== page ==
The ability to regulate emotion could be integral for dealing with mental health. Our emotions can fluctuate throughout the day and their very nature can dictate whether we can control these emotions. When experiencing mental health it can be deemed that minor issues become major due to inability to cope. Regulating emotion is not easy and is something that should be practised consistently. Common strategies to regulate emotion include setting goals, mindfulness, deep breathing, meditation, positive self-talk, listening to music and reflective practice.

Through setting goals one can regain focus and direction to complete tasks. Having achieved these goals one can start to regain emotional control. Mindfulness enables us to stay in the present moment. Humans have a tendency to focus on past and future events. Crucially, we do not spend enough time on the present. In other words the present is in our control and we can do something about it. The past has gone and the future isn’t here. Therefore, with mindfulness it is suggested that people see their current situation and start to set those small goals that can be achieved.

Mindfulness can help people to deal with their current situation and find ways to deal with each aspect. For example, deep breathing enables people to stay in the present and provide more control to regain balance in mind and body. Meditation is a practice that not all people will feel comfortable with but can be effective if used well. Meditation does not have to be religious-based but can also relate to other forms of practice.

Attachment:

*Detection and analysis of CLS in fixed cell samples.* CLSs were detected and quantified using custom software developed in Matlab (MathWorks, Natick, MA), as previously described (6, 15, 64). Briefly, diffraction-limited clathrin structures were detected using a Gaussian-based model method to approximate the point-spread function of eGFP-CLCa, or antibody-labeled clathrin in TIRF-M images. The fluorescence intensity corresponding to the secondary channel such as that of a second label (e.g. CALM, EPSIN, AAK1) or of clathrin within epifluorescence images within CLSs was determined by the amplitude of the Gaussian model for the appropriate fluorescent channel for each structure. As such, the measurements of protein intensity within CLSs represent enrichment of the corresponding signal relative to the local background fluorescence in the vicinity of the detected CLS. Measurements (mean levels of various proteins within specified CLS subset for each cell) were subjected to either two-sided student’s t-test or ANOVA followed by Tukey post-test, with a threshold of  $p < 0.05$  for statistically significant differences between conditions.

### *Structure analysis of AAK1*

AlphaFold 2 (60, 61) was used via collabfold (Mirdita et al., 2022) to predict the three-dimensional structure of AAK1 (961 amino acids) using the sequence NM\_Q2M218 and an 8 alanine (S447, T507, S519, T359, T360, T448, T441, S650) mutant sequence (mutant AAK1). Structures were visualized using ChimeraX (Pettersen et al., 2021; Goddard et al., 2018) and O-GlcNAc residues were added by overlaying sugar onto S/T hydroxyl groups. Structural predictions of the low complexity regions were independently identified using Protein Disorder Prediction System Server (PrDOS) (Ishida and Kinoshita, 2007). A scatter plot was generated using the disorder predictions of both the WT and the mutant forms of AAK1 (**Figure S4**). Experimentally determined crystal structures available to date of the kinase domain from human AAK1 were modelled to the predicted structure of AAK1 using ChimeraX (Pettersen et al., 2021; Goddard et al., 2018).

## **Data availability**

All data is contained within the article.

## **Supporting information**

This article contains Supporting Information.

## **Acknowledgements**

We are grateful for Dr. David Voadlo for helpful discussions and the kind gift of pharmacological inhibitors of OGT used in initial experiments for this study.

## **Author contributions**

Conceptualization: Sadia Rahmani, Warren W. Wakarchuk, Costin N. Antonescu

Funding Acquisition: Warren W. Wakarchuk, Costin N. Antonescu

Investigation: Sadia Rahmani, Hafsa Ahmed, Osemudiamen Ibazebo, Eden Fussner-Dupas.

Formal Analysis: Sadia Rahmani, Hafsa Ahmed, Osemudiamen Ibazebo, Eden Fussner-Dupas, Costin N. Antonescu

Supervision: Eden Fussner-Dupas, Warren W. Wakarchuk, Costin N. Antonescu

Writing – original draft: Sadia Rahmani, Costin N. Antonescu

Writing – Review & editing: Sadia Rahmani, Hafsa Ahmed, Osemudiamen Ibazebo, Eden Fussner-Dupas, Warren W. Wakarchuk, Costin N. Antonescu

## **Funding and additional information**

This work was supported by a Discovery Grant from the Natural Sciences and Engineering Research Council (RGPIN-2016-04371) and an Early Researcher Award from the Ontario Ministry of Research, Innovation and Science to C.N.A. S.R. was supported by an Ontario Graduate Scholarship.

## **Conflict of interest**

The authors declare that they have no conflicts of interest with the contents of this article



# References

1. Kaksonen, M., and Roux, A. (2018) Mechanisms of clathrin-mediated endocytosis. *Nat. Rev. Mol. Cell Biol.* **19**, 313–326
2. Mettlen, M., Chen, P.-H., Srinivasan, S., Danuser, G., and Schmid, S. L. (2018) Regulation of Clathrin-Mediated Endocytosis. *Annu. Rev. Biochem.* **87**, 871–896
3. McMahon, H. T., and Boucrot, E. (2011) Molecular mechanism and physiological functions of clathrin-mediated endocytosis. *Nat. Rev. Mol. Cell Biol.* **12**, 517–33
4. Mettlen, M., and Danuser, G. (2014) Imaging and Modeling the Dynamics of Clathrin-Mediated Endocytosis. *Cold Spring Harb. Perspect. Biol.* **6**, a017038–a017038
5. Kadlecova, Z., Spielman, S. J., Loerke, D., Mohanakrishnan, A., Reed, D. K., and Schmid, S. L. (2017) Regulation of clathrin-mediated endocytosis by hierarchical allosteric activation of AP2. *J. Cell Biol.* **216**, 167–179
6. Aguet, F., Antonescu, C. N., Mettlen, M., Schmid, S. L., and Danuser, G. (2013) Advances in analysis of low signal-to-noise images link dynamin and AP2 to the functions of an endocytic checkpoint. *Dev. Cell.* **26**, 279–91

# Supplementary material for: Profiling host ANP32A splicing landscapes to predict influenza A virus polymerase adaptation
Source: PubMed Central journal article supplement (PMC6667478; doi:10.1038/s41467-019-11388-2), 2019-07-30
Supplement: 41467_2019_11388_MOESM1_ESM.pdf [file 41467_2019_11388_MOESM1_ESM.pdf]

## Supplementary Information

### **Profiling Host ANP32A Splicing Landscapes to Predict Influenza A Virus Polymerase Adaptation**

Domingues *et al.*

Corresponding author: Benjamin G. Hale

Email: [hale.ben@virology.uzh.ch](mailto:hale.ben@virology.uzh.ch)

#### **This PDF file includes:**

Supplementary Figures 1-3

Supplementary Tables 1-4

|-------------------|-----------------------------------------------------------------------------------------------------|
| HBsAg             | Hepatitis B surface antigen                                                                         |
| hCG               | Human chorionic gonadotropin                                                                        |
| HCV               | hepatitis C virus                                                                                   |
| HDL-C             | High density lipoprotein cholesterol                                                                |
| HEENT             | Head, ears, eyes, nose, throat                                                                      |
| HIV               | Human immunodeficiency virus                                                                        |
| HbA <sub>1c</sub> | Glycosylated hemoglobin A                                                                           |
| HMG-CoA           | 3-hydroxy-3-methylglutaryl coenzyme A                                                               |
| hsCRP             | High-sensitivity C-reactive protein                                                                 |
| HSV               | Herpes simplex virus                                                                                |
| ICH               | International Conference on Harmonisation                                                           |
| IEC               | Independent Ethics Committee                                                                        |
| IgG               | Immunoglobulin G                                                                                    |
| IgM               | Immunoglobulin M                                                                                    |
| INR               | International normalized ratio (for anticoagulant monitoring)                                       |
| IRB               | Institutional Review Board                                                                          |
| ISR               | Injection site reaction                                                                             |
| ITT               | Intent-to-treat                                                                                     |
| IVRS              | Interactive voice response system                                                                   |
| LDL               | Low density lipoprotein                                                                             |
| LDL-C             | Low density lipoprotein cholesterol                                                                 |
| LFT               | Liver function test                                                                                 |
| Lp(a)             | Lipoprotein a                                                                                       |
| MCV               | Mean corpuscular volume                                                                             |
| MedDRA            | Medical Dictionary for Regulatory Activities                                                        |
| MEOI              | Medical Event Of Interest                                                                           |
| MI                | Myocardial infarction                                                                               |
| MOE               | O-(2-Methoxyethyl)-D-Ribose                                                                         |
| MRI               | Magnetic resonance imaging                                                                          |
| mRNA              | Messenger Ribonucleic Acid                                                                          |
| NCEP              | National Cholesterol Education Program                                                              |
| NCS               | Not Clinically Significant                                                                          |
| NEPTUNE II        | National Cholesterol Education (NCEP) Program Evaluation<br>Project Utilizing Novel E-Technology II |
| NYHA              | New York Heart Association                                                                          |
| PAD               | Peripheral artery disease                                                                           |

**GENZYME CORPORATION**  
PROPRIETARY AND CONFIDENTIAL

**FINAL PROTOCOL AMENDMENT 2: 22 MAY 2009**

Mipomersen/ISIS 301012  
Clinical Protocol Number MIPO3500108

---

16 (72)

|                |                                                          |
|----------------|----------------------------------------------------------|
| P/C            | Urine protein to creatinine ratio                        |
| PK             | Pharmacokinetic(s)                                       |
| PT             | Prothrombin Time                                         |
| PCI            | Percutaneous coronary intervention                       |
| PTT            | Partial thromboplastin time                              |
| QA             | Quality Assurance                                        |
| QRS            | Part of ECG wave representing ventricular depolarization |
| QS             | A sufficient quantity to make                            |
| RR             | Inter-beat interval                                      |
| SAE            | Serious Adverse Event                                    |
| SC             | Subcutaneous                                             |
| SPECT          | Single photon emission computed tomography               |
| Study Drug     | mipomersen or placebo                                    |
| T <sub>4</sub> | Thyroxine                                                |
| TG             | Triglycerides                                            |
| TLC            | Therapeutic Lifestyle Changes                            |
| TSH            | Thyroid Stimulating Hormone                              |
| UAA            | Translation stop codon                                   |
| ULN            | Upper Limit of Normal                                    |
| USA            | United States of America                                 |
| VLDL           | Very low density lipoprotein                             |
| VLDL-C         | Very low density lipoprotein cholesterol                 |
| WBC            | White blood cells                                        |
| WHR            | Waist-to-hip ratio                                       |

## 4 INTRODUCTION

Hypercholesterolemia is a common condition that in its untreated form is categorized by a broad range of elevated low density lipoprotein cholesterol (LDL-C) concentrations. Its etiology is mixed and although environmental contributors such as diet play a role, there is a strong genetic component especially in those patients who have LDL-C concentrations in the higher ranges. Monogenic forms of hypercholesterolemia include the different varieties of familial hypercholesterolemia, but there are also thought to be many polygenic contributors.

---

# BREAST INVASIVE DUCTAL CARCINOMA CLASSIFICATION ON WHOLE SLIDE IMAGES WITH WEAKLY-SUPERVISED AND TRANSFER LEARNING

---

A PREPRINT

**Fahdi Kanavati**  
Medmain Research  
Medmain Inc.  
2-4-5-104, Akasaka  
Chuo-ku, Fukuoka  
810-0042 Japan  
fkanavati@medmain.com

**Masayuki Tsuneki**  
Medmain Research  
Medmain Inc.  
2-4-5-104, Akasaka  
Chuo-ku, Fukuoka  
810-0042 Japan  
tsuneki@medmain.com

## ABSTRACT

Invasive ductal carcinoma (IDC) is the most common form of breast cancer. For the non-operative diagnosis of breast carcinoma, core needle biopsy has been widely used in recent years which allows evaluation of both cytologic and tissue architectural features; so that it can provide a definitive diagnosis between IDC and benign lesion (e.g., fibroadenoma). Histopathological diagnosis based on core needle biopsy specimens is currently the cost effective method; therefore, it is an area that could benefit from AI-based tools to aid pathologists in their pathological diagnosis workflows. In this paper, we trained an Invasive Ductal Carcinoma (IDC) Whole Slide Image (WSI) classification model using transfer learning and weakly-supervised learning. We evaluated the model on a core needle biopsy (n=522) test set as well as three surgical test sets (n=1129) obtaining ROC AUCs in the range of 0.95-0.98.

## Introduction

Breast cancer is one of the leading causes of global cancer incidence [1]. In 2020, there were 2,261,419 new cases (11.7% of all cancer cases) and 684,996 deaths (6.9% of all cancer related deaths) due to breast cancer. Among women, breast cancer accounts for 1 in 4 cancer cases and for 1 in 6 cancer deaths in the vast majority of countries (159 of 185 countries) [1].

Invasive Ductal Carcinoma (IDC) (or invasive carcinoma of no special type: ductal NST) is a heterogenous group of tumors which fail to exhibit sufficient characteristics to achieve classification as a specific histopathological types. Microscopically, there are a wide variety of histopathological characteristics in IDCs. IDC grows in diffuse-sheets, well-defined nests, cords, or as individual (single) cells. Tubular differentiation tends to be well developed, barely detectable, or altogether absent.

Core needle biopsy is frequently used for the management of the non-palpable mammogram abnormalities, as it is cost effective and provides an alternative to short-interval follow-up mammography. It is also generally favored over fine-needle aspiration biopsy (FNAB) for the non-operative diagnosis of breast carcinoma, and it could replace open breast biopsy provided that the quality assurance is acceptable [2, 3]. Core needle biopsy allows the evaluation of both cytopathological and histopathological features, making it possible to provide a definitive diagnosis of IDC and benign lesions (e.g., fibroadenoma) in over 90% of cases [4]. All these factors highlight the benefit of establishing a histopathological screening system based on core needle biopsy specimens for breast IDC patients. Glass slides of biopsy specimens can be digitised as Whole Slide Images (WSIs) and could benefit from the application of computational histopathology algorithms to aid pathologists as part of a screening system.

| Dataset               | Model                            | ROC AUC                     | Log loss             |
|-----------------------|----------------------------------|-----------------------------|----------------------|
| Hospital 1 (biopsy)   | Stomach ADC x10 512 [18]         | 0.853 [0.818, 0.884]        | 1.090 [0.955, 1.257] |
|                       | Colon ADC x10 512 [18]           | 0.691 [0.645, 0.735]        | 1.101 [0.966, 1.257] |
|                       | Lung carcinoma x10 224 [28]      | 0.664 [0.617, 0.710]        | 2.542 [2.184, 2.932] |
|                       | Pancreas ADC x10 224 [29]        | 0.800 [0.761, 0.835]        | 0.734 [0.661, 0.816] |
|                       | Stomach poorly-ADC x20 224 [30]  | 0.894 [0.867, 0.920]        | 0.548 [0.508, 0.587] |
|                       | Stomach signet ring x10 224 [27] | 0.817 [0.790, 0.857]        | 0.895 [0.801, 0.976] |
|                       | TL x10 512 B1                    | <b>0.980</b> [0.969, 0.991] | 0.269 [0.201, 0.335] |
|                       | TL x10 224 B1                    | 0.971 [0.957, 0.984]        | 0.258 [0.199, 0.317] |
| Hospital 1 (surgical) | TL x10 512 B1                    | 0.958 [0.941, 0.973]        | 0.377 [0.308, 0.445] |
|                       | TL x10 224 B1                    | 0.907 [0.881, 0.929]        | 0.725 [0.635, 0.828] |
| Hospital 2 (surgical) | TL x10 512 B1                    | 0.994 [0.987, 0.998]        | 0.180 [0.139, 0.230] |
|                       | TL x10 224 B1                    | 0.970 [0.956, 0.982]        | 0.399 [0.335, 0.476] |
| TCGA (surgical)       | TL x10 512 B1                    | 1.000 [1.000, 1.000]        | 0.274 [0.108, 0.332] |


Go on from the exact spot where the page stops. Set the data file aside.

Meditation can help mental health sufferers by offering scope and focus as one can practice deep breathing and bodily movement to provide energy. Indeed, a lack of energy is a common factor associated to mental health. An increase in energy can also be important as some people with mental health lack energy and motivation. Positive self-talk is an ability to replace negative thoughts but must be believed and comes from within.

Clearly, someone with mental health issues may not feel positive to change their thinking. However, some small changes can lead to positivity and one example could be from ‘I can’t do this’ to ‘I will do this’. Music is a subjective strategy but one that has been proven within research to help lift mood and emotion. Aligned to all these strategies the use of reflective practice is vital. Reflective practice will facilitate and support processes. Mental health patients require encouragement that they are doing well and reflective practice provides them opportunities to self-assess their own progress.